Later, Haley turned the tables and interviewed me for RootsTelevision. Snippets will be on the site along with those from other interviews.

RootsTelevision also has added 24 channels, each with segments specializing in a different genealogy topic. All but one are free and you can watch all of it at your convenience.

Genealogists get their own version of YouTube, too: You can upload your genealogy videos to RootsTelevision's RootsTube.


Genealogy Events | Genealogy Web Sites
Thursday, August 16, 2007 6:08:54 PM (Eastern Daylight Time, UTC-04:00)  #  Comments [0]
Genealogy Heaven at Allen County Library
Posted by Diane

Yesterday, the first day of the Federation of Genealogical Societies Conference in Fort Wayne, Ind., the staff at the nearby Allen County Public Library’s Genealogy Center shelved 11,460 books and other materials.

That's just a fraction of the largest public library genealogy collection in the country, and conference attendees are eager for the chance to search for ancestors between lectures.

Astounding is a good word for the center. Yesterday we toured some of the giant collection of 350,000+ books (including 55,000 family histories; an impressive array of county histories, school yearbooks and records indexes) and 513,000 “microtexts” (microfilm and microfiche). Those include censuses, passenger lists and more.

Hoosiers and non-Hoosiers come here for the resources covering counties across America, plus countries overseas. The library’s staff are the folks behind the Periodical Source Index, too, which references genealogical and historical periodicals dating back to 1800.

Soon you can see more details in a video of the tour in an online video—we’ll let you know when you can see this truly quality visual experience.


Genealogy Events | Libraries and Archives
Thursday, August 16, 2007 5:30:27 PM (Eastern Daylight Time, UTC-04:00)  #  Comments [0]
New Genealogy Society Fundraiser Announced
Posted by Allison

As the Federation of Genealogical Societies (FGS) conference kicked off yesterday, the society announced partnerships with several genealogy companies, including our own Family Tree Magazine.

These partnerships are designed to help FGS and its 500-plus member societies earn much-needed funds for programs, volunteer projects and other efforts to benefit and grow the genealogical community. When individual members of FGS societies purchase the partners’ products, those companies will donate a portion of the sales back to the societies.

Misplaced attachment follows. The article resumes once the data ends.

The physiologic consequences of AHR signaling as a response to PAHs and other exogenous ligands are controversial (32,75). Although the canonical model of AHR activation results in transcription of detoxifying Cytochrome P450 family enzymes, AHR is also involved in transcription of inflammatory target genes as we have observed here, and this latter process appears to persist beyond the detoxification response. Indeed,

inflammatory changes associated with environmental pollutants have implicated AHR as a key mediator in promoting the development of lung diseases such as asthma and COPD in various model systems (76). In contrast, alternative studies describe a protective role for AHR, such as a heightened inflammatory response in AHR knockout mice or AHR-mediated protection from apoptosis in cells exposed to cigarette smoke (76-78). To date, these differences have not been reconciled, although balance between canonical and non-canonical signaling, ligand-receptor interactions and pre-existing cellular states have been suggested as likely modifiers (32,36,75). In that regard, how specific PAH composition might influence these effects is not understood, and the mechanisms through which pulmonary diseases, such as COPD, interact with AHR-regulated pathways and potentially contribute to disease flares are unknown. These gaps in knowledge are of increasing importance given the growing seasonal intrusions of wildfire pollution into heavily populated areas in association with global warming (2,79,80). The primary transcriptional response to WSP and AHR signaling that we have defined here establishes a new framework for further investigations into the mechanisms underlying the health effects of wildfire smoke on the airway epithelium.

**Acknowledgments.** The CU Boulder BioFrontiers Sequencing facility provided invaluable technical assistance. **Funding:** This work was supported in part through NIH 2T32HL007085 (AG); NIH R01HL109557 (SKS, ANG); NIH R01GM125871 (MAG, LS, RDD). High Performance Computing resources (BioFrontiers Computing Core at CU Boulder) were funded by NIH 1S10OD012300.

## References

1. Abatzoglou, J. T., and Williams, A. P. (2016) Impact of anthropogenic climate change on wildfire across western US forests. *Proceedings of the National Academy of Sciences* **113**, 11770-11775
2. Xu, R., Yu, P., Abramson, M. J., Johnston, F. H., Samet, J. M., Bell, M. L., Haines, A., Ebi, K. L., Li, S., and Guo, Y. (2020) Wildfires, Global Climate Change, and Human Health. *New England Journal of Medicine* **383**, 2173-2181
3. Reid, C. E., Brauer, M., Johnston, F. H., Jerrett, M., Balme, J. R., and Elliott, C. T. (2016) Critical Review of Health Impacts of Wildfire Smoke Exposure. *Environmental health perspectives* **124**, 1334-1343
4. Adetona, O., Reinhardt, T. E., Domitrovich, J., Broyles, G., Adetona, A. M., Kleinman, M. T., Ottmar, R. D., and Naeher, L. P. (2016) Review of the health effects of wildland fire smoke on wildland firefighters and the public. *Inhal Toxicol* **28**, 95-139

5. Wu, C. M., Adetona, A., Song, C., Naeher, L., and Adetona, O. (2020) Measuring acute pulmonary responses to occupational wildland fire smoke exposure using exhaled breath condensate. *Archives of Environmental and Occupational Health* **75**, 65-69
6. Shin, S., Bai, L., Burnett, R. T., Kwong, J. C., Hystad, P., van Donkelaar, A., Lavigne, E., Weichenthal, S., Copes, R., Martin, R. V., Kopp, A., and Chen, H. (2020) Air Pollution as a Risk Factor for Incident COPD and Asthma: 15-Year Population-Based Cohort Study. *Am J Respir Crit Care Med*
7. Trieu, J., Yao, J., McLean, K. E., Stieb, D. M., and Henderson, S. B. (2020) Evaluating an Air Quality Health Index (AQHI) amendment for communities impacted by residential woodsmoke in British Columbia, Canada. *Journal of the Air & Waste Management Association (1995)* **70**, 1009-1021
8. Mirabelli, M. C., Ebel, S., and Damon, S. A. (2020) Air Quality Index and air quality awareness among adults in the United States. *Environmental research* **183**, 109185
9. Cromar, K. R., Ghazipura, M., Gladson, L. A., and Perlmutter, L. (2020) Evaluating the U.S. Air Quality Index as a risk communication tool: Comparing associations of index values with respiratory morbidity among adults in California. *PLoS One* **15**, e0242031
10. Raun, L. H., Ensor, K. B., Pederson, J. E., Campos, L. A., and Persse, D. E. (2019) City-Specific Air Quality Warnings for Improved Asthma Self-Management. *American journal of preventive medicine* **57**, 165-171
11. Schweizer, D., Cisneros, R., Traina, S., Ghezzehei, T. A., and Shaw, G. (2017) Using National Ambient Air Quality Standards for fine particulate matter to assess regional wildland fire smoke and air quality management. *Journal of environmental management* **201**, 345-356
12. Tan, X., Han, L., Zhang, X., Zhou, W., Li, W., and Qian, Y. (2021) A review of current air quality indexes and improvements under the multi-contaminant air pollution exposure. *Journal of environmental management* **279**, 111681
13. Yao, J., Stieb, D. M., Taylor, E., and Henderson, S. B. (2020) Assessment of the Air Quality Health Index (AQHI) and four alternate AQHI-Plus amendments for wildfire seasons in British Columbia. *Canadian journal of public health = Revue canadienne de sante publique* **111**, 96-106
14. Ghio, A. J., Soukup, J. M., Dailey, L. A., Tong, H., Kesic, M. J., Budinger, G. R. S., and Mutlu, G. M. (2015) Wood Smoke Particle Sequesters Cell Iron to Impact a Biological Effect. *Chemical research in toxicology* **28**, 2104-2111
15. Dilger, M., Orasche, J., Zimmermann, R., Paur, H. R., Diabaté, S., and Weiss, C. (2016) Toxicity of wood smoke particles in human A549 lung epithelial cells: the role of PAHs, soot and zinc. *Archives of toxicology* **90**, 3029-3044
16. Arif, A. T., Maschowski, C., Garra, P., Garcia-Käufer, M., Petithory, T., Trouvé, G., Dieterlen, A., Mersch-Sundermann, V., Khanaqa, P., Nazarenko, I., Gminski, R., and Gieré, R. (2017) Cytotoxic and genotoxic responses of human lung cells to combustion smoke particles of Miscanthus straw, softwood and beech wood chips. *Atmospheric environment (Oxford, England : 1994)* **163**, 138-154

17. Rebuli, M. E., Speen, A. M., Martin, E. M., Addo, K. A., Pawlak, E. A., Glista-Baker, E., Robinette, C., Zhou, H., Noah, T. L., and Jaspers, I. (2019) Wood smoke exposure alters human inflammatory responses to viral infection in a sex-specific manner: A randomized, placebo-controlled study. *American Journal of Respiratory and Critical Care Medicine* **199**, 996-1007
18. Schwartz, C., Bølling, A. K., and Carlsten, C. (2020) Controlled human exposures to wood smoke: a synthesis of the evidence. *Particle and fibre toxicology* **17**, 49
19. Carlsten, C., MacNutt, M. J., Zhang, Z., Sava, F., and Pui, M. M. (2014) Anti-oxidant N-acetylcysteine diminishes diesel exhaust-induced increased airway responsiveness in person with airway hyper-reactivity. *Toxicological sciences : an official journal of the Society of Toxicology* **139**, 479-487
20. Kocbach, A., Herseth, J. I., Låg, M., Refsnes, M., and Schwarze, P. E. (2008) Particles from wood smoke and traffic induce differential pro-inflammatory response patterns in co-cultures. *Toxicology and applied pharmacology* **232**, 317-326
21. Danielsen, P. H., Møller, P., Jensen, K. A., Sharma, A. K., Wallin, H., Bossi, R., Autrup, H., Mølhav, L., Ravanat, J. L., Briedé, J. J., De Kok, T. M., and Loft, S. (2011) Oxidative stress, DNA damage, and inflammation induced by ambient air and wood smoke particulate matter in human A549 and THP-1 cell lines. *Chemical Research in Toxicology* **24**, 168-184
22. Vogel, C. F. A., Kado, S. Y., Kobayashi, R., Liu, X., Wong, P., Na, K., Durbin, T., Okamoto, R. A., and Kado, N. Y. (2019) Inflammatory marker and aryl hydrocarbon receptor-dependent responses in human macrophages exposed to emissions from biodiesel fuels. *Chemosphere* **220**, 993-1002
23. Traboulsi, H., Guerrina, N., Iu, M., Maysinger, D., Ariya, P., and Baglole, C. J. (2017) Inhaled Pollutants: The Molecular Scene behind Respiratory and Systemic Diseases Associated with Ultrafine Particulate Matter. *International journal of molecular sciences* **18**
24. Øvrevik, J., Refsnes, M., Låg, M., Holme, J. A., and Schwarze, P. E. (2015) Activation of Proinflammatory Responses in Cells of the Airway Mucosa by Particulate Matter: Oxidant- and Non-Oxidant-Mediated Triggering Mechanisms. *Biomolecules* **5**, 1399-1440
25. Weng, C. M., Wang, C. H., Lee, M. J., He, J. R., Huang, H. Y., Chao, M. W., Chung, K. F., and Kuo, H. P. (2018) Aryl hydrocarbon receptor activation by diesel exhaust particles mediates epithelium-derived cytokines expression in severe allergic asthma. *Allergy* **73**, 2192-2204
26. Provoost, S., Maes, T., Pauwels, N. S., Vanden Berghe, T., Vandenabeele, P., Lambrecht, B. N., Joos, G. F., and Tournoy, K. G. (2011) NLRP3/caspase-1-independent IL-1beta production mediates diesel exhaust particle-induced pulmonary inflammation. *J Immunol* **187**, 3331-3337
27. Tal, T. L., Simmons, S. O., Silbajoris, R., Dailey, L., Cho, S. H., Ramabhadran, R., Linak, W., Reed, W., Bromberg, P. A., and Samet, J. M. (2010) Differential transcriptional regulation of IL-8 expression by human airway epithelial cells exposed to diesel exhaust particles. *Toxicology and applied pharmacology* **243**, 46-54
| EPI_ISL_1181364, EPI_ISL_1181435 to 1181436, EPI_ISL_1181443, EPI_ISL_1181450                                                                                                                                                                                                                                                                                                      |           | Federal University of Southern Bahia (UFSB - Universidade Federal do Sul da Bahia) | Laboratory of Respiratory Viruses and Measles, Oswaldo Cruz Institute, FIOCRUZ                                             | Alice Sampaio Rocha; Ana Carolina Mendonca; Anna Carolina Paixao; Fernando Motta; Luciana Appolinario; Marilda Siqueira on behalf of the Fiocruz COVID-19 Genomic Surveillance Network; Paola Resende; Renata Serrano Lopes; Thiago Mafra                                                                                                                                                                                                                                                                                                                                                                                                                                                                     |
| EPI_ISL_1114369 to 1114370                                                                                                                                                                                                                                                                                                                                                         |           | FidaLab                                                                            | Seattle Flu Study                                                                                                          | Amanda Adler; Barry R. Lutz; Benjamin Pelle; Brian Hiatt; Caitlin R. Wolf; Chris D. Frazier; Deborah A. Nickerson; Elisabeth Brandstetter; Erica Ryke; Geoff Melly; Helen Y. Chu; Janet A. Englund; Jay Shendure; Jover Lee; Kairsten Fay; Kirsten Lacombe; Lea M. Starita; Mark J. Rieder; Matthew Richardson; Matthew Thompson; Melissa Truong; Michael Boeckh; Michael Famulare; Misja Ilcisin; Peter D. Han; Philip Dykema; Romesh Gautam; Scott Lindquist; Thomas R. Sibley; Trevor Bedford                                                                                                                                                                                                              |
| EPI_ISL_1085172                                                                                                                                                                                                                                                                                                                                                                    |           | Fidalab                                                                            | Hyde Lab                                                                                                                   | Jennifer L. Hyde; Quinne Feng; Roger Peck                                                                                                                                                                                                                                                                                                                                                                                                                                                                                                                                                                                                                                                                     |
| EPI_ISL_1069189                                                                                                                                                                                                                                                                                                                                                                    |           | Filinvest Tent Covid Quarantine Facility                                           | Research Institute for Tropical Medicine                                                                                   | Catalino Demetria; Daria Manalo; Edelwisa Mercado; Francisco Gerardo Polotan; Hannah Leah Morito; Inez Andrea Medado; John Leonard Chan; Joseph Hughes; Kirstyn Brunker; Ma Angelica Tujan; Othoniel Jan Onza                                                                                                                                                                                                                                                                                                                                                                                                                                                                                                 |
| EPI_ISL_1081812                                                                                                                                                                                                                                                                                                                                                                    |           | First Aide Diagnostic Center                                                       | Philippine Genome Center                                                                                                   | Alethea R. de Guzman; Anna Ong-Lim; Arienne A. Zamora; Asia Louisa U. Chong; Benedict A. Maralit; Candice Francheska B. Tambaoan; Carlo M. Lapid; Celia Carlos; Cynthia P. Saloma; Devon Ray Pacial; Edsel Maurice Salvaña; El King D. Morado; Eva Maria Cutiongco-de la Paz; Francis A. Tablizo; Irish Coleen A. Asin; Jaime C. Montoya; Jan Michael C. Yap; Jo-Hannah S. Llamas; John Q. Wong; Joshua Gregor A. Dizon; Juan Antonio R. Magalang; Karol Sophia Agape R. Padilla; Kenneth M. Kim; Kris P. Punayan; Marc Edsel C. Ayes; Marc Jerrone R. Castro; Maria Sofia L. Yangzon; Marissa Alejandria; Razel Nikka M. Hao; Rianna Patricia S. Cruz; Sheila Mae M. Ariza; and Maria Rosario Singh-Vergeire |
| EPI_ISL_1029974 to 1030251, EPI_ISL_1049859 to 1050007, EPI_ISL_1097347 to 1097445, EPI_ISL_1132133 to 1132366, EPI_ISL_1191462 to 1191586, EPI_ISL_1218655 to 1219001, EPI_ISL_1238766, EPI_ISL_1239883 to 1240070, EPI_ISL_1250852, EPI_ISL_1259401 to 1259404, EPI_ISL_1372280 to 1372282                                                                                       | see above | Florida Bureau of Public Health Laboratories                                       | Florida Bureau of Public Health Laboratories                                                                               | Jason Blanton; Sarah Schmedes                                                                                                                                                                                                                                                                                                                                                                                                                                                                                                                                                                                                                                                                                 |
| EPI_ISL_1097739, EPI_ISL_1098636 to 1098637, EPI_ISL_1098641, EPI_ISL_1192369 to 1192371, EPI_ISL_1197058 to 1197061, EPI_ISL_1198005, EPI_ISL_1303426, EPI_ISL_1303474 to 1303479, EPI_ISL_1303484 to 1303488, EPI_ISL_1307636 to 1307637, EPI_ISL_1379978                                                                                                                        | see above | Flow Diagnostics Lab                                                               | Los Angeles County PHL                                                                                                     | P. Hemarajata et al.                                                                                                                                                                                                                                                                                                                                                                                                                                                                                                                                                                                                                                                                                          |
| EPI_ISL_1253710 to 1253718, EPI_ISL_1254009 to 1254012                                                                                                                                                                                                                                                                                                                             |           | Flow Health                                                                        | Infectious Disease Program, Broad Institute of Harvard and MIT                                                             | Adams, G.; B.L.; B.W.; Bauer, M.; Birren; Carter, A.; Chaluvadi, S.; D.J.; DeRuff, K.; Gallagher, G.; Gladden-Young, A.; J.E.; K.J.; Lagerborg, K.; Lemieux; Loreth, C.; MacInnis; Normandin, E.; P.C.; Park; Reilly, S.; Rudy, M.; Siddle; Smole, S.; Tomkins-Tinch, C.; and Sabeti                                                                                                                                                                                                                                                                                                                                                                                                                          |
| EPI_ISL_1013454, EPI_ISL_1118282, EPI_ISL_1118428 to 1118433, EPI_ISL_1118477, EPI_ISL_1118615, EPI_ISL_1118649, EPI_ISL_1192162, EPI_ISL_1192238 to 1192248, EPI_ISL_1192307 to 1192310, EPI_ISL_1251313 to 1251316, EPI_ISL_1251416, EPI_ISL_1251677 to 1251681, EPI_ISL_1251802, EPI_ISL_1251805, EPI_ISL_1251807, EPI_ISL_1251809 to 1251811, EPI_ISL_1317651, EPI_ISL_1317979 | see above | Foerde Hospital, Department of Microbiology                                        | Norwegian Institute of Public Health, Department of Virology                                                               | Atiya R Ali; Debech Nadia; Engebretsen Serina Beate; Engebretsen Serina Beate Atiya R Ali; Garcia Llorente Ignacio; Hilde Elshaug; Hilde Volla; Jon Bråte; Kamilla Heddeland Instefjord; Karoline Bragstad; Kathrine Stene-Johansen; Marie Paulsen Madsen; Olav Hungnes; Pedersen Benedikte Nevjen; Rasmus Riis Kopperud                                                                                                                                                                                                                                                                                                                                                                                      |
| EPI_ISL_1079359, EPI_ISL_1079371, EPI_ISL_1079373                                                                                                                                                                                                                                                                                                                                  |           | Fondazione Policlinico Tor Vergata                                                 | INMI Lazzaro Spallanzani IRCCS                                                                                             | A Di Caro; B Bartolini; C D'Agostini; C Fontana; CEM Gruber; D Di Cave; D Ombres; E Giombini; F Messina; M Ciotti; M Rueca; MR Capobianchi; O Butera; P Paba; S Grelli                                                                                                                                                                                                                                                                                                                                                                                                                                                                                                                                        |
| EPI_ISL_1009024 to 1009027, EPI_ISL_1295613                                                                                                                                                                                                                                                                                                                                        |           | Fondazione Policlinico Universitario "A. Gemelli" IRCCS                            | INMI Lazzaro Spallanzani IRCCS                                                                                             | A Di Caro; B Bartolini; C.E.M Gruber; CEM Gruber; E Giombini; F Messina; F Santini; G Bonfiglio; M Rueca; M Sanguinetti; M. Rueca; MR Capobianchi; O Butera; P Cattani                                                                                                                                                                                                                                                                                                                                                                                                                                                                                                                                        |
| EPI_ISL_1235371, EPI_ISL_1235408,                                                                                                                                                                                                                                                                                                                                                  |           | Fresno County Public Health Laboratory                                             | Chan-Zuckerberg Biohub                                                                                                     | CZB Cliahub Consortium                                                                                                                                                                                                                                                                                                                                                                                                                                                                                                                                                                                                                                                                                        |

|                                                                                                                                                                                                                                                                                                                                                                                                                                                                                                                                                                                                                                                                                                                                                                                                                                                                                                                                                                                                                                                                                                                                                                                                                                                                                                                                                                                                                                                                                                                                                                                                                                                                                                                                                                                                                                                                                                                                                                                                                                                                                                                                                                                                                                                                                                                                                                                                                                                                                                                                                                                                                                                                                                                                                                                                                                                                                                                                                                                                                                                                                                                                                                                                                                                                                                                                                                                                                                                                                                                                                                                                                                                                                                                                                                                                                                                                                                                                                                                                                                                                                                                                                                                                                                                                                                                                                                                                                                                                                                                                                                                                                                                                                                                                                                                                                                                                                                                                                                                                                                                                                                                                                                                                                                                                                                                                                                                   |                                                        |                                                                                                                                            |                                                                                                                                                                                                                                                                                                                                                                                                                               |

Family Tree Magazine initiated the partnership program with FGS, and we’ve launched a Web site that makes it easy for member groups to participate in our fundraiser. Societies can go to HelpFGS.org and download a button to put on their Web sites. Then individual members can visit to society’s site to sign up for a $24 new subscription, and we’ll donate $6 of the proceeds to that member society and $6 to FGS.

Further information and FAQs are on the HelpFGS.org Web site.
Other partners include genealogy records Web sites Footnote and Ancestry.com, and Legacy Family Tree software.


Genealogy Events | Genealogy societies
Thursday, August 16, 2007 12:06:00 PM (Eastern Daylight Time, UTC-04:00)  #  Comments [0]
# Wednesday, August 15, 2007
Back to the Future
Posted by Grace

When you're trying to put some life into an ancestor, it's fun to imagine what they'd think of the world now. One of my new favorite blogs, Paleo-Future, gives you an inside look at how our ancestors (and our childhood selves) thought the future would be.

A menu on the right side lets you browse posts by decade, and the earliest (like this one about flying machines as imagined in 1885) are often accompanied by fanciful illustrations from the Library of Congress.

Soon, the blog will highlight responses to its Paleo-Future Project, which aims to preserve the collective memory of the future. If you want to get involved, dig out the digital camera or recorder and start asking questions! Paleo-Future offers a few talking points to get you started, such as "Did you ever try building your own jetpack?"

Here are some more gems:

More Predictions of a 14-Year-Old (1901)
Aerial Navigation Will Never Be Popular (1906)
Food of the Future (Indiana Progress, 1896)
Postcards Show the Year 2000 (circa 1900)


Genealogy fun | Social History
Wednesday, August 15, 2007 9:50:55 AM (Eastern Daylight Time, UTC-04:00)  #  Comments [0]
Live from the FGS Conference
Posted by Allison

Family Tree Magazine staffers are at the Federation of Genealogical Societies conference in Fort Wayne, Ind., this week. During the conference, we’ll have the opportunity to tour the new Allen County Public Library facilities—featuring the largest public-library genealogy collection in the country—and catch up on the latest products, services and resources for genealogists. We’ll be sharing that news with you throughout the conference, so stay tuned to the Genealogy Insider blog for updates.